I think I'll go back to my college and professional employment days (do I even remember them?) to perform some analysis on these news stories. It's sounds boring, I know, but I'll do my best to hold your
First, you must know that I do not have an objective perspective on this topic (surprise!). Back in the day of owning our albatross apartments and using our credit cards just to stay alive, we had a rate climb from 9% to 16% to 24% for no reason. We just got our bill one day and my husband almost fainted. He called the company and fought tooth and nail for them to reduce the rate, as we had been paying on time every month. The best they would do was drop it for one month because we didn't have advance warning (we were supposed to have received a letter that mysteriously never appeared). So, don't expect me to be too sympathetic toward the credit card companies. On the other hand, I also don't support the use of buying discretionary items on credit, either.
Notice in the first article, "The Worst Credit Card Deals in America," it's necessary to tie in the higher interest rates with mortgages:
"Just a few years ago, card companies were stumbling over each other to woo new accounts, offering all sorts of incentives, like zero-interest periods and lavish rewards programs, to get people to sign up.
Then again, so were mortgage brokers."
And . . .
"Of course, this is also playing out against a backdrop of declining spending and rising delinquencies. Bank profits have been hard-hit by subprime mortgage exposure."
These are true statements, and the economy, as a whole, is tanking, but to make that direct relationship an explicit given is unnecessary. The article could have stood alone without the reference to the loan fiasco. It's like saying, "These companies are so unreasonable because of subprime mortgages." I remember the problems with credit card providers going back many years. They've always tried to rip off the general public. This isn't new.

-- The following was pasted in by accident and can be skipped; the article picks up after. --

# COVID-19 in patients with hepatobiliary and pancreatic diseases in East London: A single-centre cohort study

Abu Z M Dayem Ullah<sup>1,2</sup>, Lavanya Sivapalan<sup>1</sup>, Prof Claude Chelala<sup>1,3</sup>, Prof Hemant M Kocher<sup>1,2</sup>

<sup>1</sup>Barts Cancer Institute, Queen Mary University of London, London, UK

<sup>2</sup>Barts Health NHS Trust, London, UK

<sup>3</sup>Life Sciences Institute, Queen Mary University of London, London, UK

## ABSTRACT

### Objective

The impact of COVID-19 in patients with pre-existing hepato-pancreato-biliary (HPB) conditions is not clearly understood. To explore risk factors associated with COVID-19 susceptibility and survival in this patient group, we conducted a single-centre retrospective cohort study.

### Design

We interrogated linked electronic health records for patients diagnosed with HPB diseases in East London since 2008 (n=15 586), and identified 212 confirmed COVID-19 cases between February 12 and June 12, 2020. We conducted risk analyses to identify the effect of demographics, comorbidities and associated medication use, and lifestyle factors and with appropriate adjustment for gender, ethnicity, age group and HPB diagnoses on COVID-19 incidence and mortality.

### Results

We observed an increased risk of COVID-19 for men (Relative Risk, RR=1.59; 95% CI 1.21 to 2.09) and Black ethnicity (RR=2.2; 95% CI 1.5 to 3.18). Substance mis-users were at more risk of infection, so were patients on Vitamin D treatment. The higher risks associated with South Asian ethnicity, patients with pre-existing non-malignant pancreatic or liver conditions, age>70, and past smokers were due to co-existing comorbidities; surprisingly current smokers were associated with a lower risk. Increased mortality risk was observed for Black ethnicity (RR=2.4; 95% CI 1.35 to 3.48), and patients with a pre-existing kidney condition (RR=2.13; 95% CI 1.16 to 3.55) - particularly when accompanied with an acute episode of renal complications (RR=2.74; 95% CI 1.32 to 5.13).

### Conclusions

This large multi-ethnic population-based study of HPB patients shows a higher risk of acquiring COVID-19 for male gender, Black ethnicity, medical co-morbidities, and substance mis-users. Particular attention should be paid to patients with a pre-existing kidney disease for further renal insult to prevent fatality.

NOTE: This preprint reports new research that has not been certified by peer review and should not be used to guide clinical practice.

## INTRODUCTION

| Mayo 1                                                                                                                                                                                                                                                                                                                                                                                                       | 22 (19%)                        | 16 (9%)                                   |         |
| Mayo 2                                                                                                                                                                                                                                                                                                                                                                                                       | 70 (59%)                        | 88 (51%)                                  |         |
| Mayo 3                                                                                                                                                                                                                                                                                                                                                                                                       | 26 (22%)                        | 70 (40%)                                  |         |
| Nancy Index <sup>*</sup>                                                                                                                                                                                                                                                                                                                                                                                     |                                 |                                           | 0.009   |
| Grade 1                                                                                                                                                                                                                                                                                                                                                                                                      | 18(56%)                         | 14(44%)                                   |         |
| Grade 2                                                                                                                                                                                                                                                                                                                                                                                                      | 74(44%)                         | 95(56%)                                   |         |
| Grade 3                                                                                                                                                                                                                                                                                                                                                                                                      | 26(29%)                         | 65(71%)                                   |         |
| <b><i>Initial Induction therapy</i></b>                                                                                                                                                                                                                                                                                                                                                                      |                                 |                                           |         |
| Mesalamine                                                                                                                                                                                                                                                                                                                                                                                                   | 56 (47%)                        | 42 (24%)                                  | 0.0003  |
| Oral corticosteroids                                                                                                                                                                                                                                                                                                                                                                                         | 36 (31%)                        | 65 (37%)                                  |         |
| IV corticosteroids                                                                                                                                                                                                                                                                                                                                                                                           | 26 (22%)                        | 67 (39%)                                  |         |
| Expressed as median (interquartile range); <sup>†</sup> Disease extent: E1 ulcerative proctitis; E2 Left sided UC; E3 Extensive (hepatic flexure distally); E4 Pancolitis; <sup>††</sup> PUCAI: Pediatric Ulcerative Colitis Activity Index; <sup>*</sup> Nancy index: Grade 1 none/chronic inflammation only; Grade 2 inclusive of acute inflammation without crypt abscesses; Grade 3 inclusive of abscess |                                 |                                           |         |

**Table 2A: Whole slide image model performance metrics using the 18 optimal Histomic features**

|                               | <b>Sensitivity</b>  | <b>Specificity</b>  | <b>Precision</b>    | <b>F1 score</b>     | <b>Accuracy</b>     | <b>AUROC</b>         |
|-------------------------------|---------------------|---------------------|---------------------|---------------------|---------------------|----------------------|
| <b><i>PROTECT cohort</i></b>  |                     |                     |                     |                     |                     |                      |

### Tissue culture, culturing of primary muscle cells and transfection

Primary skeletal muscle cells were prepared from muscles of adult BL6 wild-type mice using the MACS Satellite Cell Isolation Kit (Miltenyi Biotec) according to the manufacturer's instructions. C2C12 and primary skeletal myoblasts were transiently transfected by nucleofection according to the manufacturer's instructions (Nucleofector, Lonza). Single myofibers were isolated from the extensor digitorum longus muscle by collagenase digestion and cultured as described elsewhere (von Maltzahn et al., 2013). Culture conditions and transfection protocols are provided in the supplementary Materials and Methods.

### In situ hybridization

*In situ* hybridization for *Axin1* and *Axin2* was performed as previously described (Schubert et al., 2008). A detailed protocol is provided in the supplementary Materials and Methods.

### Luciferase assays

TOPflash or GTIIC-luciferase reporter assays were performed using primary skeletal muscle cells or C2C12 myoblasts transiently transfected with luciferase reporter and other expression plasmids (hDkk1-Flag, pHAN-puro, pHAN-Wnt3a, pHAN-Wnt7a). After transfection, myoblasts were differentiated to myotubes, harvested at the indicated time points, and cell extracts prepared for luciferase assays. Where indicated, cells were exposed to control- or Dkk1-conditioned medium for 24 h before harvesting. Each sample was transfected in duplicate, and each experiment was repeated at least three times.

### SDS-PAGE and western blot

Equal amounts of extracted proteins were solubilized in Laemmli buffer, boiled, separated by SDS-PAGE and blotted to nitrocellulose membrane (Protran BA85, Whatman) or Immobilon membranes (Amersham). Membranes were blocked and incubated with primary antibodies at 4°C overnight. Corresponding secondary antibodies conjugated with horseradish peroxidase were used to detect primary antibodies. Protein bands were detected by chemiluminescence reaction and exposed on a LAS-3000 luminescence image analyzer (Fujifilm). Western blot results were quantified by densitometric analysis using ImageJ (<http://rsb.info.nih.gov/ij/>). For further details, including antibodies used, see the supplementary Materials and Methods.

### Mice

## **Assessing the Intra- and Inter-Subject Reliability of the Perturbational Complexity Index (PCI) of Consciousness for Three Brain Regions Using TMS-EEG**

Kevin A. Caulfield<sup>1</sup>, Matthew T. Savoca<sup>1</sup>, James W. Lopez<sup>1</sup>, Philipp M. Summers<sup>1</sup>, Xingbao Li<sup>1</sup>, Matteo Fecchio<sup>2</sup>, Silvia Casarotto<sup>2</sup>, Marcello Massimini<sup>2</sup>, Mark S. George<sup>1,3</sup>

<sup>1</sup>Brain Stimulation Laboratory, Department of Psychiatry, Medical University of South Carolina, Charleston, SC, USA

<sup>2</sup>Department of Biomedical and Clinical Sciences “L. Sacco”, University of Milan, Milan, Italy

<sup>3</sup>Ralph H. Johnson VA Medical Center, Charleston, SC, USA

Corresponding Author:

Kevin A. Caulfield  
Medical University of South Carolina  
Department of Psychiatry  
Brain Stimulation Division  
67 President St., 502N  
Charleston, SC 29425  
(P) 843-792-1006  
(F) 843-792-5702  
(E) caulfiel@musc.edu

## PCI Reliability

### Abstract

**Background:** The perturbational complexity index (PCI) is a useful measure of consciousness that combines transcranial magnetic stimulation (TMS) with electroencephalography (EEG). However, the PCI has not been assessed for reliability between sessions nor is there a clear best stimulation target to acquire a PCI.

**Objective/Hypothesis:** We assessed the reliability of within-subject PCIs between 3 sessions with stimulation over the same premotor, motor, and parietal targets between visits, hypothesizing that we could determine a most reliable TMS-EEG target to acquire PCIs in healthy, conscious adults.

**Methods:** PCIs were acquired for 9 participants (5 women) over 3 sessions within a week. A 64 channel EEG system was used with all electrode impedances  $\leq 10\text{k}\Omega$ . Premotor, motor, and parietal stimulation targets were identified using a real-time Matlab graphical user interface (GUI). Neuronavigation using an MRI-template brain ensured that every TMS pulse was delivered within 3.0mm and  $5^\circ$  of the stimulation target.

Surprisingly, the claim is made that there are only six major credit card providers (Citigroup, JPMorgan Chase, Bank of America, Capital One Financial, American Express, and Discover). Could this be the reason why they're getting away with highway robbery? And, if you want to stay with a smaller bank, the lengths that they go to make an extra buck rival that of the big companies. To have the benefits of a secured "credit" card, you pay a $59 annual fee plus $140 start up fee and 19.5% interest on the purchases you make--as soon as you make them. This is just to use your money, people. Obviously, the only reason to have a card like that is to build up your poor credit in order to buy something bigger with more borrowed money. Right?
Then there's the card with the 9.9% interest rate and $300 limit that charges you $256 in fees right off the bat. So you 1) use almost your entire limit before you even receive the card, and 2) not realizing this, will probably spend over your limit and be charged an extra fee and higher interest rate. What a deal. This card is rivaled only by the one with a $250 limit that charges $200 in initial fees and a 19.92% rate.
And make sure you check your mail faithfully because if you're on a business trip, miss the bill, and your payment's late, you can expect to pay 30% in interest on some cards. Couldn't I get a better deal in some back alley from a guy named Sal with a deviated septum wearing a trench coat? But, with profits down 35%, the banks need to recoup the costs somehow. With such a captive audience, it's an irresistible temptation that proves to be lucrative.
Don't despair. In the second article we have the government swooping in to save the day . . . or to save consumers from themselves, depending how you look at it. It would be ludicrous for Congress to attempt to legislate a ceiling to how much spending we do on credit. The world would cease to exist as we know it--literally.
"The Credit Cardholders’ Bill of Rights Act of 2008, known as H.R. 5244, would protect cardholders from arbitrary interest rate increases and unfair fees . . . (the) bill does not have any price controls. It does not cap rates or fees . . . (It) would prohibit credit card companies from arbitrarily changing their contract with a cardholder . . . The credit card company would also be required to give you 45 days notice in writing that your rate was going to change."
It will also limit "universal default" and "double-cycle billing," and give a longer grace period. Of course, the banks claim that this will only make credit "more expensive and less accessible." Hmmm. Is that a bad thing?
I say that, if your credit card company messes with you, pay off your balance with another cheaper card. But, before you sign on with any of these providers, read the fine print and be determined to pay off your purchases every month. After all, they can't scam you, if they don't own you.